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    ABSTRACT: Many genetic risk variants are now well established in multiple sclerosis (MS), but the impact on clinical phenotypes is unclear. To investigate the impact of established MS genetic risk variants on MS phenotypes, in well-characterized MS cohorts. Norwegian MS patients (n = 639) and healthy controls (n = 530) were successfully genotyped for 61 established MS-associated single nucleotide polymorphisms (SNPs). Data including and excluding Major Histocompatibility Complex (MHC) markers were summed to a MS Genetic Burden (MSGB) score. Study replication was performed in a cohort of white American MS patients (n = 1997) and controls (n = 708). The total human leukocyte antigen (HLA) and the non-HLA MSGB scores were significantly higher in MS patients than in controls, in both cohorts (P < 10(-22)). MS patients, with and without cerebrospinal fluid (CSF) oligoclonal bands (OCBs), had a higher MSGB score than the controls; the OCB-positive patients had a slightly higher MSGB than the OCB-negative patients. An early age at symptom onset (AAO) also correlated with a higher MSGB score, in both cohorts. The MSGB score was associated with specific clinical MS characteristics, such as OCBs and AAO. This study underlines the need for well-characterized, large cohorts of MS patients, and the usefulness of summarizing multiple genetic risk factors of modest effect size in genotype-phenotype analyses.
    Multiple Sclerosis 10/2013; · 4.47 Impact Factor
  • Annals of Neurology 10/2013; 74(4):A5-A25. · 11.19 Impact Factor
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    ABSTRACT: Using the ImmunoChip custom genotyping array, we analyzed 14,498 subjects with multiple sclerosis and 24,091 healthy controls for 161,311 autosomal variants and identified 135 potentially associated regions (P < 1.0 × 10(-4)). In a replication phase, we combined these data with previous genome-wide association study (GWAS) data from an independent 14,802 subjects with multiple sclerosis and 26,703 healthy controls. In these 80,094 individuals of European ancestry, we identified 48 new susceptibility variants (P < 5.0 × 10(-8)), 3 of which we found after conditioning on previously identified variants. Thus, there are now 110 established multiple sclerosis risk variants at 103 discrete loci outside of the major histocompatibility complex. With high-resolution Bayesian fine mapping, we identified five regions where one variant accounted for more than 50% of the posterior probability of association. This study enhances the catalog of multiple sclerosis risk variants and illustrates the value of fine mapping in the resolution of GWAS signals.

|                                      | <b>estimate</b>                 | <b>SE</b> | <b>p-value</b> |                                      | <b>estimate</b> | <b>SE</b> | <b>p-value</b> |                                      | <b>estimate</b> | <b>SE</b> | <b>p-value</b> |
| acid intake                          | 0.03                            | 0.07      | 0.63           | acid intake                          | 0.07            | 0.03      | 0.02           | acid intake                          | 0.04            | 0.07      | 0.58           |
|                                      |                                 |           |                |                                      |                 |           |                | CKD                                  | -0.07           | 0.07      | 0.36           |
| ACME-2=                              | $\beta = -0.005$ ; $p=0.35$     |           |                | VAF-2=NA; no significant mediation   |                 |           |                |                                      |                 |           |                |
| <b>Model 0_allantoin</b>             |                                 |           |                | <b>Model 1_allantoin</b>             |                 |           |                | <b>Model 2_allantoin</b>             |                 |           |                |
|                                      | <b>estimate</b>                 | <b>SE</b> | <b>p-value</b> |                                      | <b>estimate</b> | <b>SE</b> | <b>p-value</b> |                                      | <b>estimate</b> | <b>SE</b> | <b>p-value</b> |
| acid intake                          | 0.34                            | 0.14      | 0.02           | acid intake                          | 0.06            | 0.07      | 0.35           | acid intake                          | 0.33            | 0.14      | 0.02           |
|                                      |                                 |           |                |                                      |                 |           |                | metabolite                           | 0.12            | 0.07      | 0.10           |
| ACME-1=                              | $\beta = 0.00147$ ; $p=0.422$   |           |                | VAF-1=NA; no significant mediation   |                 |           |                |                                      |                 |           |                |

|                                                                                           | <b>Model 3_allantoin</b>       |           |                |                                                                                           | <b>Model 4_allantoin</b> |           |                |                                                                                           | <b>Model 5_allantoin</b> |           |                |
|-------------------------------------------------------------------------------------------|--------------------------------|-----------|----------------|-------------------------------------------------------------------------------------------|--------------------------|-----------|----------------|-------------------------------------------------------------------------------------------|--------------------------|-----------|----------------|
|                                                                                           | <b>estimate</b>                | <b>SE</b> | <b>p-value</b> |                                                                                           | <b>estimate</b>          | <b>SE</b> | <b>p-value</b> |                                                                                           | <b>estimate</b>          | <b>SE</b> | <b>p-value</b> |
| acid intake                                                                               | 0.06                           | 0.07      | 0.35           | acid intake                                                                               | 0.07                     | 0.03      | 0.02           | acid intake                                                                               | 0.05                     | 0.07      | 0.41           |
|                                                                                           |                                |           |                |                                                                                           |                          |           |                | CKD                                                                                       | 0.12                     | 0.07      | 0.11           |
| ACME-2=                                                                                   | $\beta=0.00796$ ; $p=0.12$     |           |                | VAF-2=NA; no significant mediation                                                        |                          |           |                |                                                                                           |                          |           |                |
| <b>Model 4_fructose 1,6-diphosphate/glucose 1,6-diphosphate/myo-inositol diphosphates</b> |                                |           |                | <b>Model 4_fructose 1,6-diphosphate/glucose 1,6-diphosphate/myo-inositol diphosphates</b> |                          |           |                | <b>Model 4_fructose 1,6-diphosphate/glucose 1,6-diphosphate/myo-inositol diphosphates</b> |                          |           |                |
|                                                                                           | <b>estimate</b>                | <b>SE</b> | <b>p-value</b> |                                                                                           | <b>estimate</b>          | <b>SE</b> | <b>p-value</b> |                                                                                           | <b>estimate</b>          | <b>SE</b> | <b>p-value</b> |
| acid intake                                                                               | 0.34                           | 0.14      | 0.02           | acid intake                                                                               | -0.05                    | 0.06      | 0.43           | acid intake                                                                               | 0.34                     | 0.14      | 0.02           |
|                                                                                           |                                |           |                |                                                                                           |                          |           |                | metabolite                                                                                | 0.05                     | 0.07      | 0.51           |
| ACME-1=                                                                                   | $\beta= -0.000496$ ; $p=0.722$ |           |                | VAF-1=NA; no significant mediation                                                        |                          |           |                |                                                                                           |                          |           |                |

Nature Genetics 09/2013; · 35.21 Impact Factor
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    Annals of Neurology 09/2013; 74(3):A7-A8. · 11.19 Impact Factor
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    Stephen L Hauser, Jonah R Chan, Jorge R Oksenberg